Has civilian leadership failed Indonesia’s reform movement?

My heart sank  when I read the news the other day that more than 50,000 soldiers would be deployed to help farmers achieve President Joko Widodo’s goal of self-sufficiency in rice production for the next two years.

So the commander in chief has ordered professional soldiers to trade  guns for hoes and ploughes and wade through muddy rice fields.

As desperate as it may sound, this is not the first time soldiers have been assigned jobs outside their professional role for the Indonesia’s armed forces (TNI).

The Army’s elite commandos- Kopassus- have taken part in cleaning the garbage-clogged Ciliwung river as part of the city administration’s efforts to prevent annual floods.

Just recently, the highly respected Corruption Eradication Commission (KPK) also asked the TNI to fill its secretary-general position and contribute investigators as KPK has been embroiled in what many perceive to be an inter-agency feud with the police.

The speculation of a conflict between the police and the KPK came to the fore again after the police arrested senior KPK investigator Novel Baswedan for his alleged involvement of an assault case dating back in 2004. The police are also investigating KPK top officials – Abraham Samad and  Bambang Widjojanto – now suspended – in separate, old cases.

Jokowi, under public pressure, has demanded an end to the witch-hunt against KPK, but his calls appear to have fallen on deaf ears.

Some say the police have more respect for Jokowi’s predecessor, Susilo Bambang Yudhoyono, who is a retired army general.

SBY is also the founder and later chairman of the Democrat Party, allowing him to lead on his own terms. In contrast, Jokowi is only a “party officer,” to use the term popularised by PDI Perjuangan chairwoman Megawati Sukarnoputri.

Perhaps Indonesians should start getting used to an increased presence of TNI in public life, as various ministries are also queuing to enlist soldiers to help and do civilian tasks.

Transportation Minister Ignasius Jonan and TNI chief Gen. Moeldoko have signed a memorandum of understanding allowing the military to deploy armed personnel to secure vital transportation hubs.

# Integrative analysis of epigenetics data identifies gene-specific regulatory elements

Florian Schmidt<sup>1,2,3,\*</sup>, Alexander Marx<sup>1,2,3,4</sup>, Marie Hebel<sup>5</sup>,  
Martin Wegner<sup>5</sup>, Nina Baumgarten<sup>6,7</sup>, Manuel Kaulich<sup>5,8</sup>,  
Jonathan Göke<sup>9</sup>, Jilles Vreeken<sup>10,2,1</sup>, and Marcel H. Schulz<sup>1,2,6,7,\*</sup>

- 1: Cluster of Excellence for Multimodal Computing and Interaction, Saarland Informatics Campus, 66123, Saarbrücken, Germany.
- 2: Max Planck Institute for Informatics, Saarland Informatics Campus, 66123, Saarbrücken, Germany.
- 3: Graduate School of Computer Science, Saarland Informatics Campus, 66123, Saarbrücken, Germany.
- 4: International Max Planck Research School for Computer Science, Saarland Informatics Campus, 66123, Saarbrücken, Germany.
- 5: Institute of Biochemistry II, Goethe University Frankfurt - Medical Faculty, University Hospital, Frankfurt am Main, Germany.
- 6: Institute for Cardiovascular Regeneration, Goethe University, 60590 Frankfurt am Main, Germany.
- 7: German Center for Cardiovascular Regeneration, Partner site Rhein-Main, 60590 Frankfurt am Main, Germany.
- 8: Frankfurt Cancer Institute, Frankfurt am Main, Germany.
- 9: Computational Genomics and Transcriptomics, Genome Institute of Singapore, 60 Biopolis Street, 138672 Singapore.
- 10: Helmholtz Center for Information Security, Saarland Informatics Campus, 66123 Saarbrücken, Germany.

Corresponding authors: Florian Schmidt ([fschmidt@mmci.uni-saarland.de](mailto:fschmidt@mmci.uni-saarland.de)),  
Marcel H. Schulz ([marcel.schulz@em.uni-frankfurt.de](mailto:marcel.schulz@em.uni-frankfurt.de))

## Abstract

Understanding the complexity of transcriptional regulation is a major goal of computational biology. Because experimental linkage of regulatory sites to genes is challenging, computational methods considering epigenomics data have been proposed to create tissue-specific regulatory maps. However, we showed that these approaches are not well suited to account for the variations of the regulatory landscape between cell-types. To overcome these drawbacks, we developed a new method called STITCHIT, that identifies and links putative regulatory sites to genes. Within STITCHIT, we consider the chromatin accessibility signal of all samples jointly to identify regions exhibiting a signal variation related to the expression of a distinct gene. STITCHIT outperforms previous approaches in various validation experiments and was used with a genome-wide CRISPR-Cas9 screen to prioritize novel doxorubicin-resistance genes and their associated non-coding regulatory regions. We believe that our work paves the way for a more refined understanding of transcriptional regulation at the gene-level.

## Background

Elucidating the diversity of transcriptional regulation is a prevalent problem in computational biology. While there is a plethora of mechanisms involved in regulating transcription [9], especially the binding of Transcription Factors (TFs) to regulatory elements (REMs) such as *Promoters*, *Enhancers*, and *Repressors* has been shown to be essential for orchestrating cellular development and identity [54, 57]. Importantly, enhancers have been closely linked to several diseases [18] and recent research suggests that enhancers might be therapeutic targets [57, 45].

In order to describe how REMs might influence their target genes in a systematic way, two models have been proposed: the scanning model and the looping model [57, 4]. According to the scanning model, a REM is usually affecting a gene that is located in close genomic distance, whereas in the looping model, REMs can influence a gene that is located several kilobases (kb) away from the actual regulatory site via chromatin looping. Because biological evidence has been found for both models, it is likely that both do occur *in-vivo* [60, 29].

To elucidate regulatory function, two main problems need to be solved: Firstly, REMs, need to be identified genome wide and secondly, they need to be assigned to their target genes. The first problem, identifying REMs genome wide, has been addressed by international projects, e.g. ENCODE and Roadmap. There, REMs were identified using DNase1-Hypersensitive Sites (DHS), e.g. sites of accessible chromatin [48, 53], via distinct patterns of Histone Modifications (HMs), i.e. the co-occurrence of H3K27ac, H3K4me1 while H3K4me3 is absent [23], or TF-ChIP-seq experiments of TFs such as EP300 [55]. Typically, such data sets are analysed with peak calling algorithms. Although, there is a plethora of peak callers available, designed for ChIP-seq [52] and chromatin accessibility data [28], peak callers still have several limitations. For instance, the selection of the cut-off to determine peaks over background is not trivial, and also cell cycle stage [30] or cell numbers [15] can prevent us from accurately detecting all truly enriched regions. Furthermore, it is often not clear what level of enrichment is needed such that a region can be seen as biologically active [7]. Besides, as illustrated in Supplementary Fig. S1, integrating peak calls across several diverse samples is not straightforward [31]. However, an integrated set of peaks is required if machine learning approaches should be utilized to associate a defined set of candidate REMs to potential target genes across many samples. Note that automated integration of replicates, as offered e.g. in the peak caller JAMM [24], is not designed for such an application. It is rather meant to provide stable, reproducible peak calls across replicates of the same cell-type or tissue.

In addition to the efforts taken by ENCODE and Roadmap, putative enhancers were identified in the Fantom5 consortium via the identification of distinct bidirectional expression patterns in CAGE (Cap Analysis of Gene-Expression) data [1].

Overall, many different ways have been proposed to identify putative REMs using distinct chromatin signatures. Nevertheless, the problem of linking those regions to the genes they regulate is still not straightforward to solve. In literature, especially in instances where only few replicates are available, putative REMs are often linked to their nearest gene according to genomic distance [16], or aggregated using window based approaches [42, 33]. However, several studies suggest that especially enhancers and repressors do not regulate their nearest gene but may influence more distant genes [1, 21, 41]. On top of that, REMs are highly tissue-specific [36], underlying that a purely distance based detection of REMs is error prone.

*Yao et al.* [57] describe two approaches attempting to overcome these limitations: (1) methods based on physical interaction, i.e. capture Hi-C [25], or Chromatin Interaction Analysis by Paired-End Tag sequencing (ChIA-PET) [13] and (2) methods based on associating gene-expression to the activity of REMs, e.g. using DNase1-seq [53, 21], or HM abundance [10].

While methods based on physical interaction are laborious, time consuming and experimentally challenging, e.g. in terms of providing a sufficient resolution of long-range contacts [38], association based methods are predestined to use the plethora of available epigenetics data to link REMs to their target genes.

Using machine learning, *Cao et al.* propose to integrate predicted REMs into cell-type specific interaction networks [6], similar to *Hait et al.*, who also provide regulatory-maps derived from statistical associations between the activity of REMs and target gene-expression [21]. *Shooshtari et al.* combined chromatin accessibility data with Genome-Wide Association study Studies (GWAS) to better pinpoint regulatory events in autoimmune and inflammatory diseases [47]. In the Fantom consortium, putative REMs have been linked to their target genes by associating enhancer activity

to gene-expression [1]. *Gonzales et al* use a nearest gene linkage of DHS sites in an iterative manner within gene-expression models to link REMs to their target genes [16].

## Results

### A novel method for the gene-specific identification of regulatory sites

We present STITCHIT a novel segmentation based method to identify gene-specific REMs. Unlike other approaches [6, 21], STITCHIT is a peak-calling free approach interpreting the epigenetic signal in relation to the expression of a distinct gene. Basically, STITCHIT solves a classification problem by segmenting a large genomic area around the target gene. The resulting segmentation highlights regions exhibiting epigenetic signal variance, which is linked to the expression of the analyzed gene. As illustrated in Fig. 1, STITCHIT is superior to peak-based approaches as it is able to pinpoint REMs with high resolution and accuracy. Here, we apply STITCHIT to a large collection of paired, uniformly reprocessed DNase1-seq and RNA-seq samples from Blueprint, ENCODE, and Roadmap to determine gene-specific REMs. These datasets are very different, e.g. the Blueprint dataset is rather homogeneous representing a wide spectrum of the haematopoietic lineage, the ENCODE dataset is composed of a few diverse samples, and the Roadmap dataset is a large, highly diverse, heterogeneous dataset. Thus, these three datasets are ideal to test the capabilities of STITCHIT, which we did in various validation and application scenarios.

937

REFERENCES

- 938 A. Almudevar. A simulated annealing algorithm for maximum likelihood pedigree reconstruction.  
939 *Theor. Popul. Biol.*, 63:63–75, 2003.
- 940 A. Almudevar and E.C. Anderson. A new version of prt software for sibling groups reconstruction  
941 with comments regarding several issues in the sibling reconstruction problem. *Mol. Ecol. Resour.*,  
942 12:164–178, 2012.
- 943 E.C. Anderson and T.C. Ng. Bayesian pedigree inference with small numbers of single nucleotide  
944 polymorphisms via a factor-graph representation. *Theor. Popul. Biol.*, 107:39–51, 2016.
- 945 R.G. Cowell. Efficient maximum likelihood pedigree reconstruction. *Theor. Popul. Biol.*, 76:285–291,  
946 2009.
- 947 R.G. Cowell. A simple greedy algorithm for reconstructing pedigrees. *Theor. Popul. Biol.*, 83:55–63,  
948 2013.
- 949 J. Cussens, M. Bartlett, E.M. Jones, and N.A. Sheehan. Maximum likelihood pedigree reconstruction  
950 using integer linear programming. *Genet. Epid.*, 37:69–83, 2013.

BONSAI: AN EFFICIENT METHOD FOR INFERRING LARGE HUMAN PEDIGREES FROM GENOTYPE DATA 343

Under this agreement, all seaports, airports, railway networks and bus stations in the country will officially be under the protection of TNI personnel.

The Law and Human Rights Minister Yasonna H. Laoly signed a cooperation agreement with the TNI under which the military will deploy its personnel to guard prisons throughout the country as the ministry does not have enough qualified prison guards.

A opinion poll conducted recently by the Indonesian Survey Institute (LSI) found that the public’s trust in the TNI was at an all-time high.

Respondents to the survey placed the TNI as the most-trusted institution, in the same league as the presidency and above the KPK. Meanwhile, the National Police ranked sixth out of 11 institutions.

This raises a critical question: Whatever happened to so-called civilian supremacy?

Shouldn’t local leaders be the ones who send farming instructors to help farmers? Shouldn’t people who throw their garbage to the river be held accountable for their action? And what do you mean exactly Mr. Yasona, when you say we don’t have enough prison guards?- Shouldn’t the police be at the forefront of  fighting  crimes and providing domestic security after they were separated from the military 15 years ago?

The TNI was used by the late president Suharto to guard his presidency for more than three decades. Under Suharto, the military was assigned the “dual function” role – both as a security and political entity, allowing its presence even in the nooks and crannies of the vast archipelago.

There was a time when democracy activists joked “You can’t say the D (democracy) word, because all walls have ears”.

But then the wind of change came and Indonesia today is the third largest democracy in the world.

One of the most significant achievements of the reform movement  was to create a  clear line between security matters and defence. This was formalised in a People’s Consultative Assembly (MPR) decree in 2000.

But the civilian leadership has been hollowed out by power and corruption, a danger recognised clearly by Lord Acton.

Indonesia Corruption Watch (ICW) listed 47 directly elected regional leaders who were involved in graft cases in 2014, up from 35 in the previous year. Some say, to become a governor, one needs funding of around Rp 100 billion (US$11.14 million), while the governor’s salary is only Rp 8.7 million per month.

A recent ICW report states that the regional budget has become the biggest contributor to the potential losses to the state due to corruption cases that have occurred in the first half of 2010. According to ICW data, corruption cases of the regional budget in 2010 have cost the state about Rp 596.23 billion, out of a total of Rp 1.2 trillion in state losses due to corruption.

So while civilian leaders are busy enriching themselves- basically ignoring the people who directly voted for them- they are asking the military to clean up their mess, and do their jobs.

People are fed up with 15 years of corrupt leadership just like they were fed up with the same thing for three decades.

Civilian leaders should start to get their act together and do their jobs, or people will lose faith in democracy and yearn for the return of  “the good old days” of autocracy.

Should the latter happen, those who sacrificed their lives fighting for “Reformasi” 17 years ago will roll in their graves.

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